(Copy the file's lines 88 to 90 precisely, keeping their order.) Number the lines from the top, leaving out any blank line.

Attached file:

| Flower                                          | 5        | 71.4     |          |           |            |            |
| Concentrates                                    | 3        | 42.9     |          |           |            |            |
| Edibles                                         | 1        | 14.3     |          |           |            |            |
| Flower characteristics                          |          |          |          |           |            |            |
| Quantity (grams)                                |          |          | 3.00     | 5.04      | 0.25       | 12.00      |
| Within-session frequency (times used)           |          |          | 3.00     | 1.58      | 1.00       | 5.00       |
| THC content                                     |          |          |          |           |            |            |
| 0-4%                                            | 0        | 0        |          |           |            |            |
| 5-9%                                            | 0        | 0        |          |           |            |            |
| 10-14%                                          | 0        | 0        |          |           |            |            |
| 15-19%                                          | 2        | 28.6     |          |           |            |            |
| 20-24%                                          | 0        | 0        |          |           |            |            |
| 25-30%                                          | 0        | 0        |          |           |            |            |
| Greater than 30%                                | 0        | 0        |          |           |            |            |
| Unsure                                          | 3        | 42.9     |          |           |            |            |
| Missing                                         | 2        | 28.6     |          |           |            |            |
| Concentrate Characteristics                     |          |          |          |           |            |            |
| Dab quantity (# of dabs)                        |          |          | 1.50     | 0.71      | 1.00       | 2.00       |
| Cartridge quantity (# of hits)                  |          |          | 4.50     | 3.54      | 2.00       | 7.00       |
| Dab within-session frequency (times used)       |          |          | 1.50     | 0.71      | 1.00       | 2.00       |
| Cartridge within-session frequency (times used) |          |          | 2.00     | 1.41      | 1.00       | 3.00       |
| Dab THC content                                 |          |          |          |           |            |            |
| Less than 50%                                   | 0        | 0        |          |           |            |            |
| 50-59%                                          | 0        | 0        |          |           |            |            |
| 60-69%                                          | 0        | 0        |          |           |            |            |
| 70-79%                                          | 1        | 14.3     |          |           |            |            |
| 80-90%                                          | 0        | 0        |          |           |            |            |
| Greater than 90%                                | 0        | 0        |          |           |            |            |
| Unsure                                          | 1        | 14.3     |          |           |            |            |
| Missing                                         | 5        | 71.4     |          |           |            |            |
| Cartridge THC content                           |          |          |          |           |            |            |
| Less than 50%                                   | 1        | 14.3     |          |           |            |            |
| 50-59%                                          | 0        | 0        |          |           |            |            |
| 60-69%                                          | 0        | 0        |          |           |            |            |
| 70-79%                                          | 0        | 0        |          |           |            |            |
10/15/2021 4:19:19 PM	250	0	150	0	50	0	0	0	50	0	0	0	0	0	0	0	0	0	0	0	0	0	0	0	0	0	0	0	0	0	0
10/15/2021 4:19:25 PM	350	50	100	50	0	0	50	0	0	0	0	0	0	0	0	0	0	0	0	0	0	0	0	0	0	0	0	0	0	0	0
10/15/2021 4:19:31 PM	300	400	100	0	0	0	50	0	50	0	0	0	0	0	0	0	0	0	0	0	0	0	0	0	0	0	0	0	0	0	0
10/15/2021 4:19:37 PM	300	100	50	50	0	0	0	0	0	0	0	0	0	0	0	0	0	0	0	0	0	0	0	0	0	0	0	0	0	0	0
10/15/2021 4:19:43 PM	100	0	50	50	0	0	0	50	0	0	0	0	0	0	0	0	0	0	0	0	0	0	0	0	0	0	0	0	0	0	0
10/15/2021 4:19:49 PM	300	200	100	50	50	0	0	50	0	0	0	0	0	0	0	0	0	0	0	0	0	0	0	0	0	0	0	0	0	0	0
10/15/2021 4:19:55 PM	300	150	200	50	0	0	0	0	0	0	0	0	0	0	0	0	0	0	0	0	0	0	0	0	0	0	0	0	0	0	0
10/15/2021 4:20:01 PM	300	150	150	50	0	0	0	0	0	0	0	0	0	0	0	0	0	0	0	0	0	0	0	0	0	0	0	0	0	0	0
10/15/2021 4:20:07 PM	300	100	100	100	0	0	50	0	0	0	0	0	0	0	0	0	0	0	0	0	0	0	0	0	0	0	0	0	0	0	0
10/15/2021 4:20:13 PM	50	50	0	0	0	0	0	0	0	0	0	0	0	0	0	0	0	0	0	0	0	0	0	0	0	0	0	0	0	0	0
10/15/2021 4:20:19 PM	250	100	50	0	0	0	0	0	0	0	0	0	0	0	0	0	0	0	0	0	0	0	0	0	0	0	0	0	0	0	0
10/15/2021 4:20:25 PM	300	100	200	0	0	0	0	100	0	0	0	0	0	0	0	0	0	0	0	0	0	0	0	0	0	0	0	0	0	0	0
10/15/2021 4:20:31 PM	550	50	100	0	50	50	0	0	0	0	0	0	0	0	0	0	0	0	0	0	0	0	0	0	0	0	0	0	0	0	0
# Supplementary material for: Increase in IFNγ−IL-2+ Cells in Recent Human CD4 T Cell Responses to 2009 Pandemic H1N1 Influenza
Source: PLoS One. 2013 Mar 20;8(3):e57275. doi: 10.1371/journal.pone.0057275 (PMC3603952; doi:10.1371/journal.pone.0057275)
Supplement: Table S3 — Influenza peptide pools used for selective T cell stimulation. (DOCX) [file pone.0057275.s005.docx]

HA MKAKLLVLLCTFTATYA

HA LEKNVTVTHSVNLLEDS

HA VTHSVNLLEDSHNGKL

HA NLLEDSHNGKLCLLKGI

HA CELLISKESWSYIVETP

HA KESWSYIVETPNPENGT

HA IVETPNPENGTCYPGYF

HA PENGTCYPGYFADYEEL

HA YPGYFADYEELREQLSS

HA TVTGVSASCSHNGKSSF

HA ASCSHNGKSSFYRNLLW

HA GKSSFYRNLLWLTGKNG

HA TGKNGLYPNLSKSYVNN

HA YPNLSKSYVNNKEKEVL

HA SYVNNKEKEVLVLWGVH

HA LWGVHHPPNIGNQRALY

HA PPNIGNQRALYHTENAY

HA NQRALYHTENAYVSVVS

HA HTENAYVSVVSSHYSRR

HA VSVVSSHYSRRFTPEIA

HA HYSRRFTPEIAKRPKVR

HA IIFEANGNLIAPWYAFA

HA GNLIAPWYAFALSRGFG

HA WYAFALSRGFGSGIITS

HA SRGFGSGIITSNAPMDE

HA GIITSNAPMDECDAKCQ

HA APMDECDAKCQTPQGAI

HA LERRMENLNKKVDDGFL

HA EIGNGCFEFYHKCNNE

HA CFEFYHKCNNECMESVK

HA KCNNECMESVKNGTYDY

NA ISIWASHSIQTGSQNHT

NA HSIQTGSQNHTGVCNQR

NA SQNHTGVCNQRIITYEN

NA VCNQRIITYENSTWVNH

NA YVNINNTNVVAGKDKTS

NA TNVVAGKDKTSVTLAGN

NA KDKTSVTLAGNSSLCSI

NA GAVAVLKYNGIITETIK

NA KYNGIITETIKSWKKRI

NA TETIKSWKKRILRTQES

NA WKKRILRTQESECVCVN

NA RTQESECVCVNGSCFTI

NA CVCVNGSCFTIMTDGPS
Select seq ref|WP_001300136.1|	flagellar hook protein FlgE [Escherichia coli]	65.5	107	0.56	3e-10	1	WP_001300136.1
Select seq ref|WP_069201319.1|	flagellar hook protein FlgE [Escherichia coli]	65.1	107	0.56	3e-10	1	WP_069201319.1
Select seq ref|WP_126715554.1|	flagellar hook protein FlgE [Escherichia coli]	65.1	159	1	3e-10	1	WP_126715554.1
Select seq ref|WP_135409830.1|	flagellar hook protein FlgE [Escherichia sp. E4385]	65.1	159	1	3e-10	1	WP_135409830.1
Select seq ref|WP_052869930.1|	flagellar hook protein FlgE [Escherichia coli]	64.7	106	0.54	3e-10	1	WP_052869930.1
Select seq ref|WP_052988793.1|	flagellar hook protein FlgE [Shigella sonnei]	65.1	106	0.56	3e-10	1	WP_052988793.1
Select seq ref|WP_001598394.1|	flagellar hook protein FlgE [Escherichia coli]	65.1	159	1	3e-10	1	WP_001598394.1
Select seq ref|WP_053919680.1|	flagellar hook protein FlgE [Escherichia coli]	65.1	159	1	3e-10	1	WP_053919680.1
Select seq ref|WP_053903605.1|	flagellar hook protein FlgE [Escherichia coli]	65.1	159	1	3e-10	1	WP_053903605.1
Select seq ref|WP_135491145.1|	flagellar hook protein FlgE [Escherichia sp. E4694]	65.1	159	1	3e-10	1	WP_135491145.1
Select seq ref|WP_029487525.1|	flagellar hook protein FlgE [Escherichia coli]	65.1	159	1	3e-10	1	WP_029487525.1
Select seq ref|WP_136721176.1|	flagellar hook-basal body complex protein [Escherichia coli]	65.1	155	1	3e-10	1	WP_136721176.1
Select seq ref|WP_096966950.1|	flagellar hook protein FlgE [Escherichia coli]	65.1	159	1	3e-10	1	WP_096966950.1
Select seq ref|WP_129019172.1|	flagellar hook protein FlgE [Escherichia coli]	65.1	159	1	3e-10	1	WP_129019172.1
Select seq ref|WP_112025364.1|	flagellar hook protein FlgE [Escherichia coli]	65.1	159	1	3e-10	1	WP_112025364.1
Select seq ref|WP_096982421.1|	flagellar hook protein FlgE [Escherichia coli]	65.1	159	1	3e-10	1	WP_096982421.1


NA TNVVAGKDKTSVTLAGN

NA KDKTSVTLAGNSSLCSI

NA GAVAVLKYNGIITETIK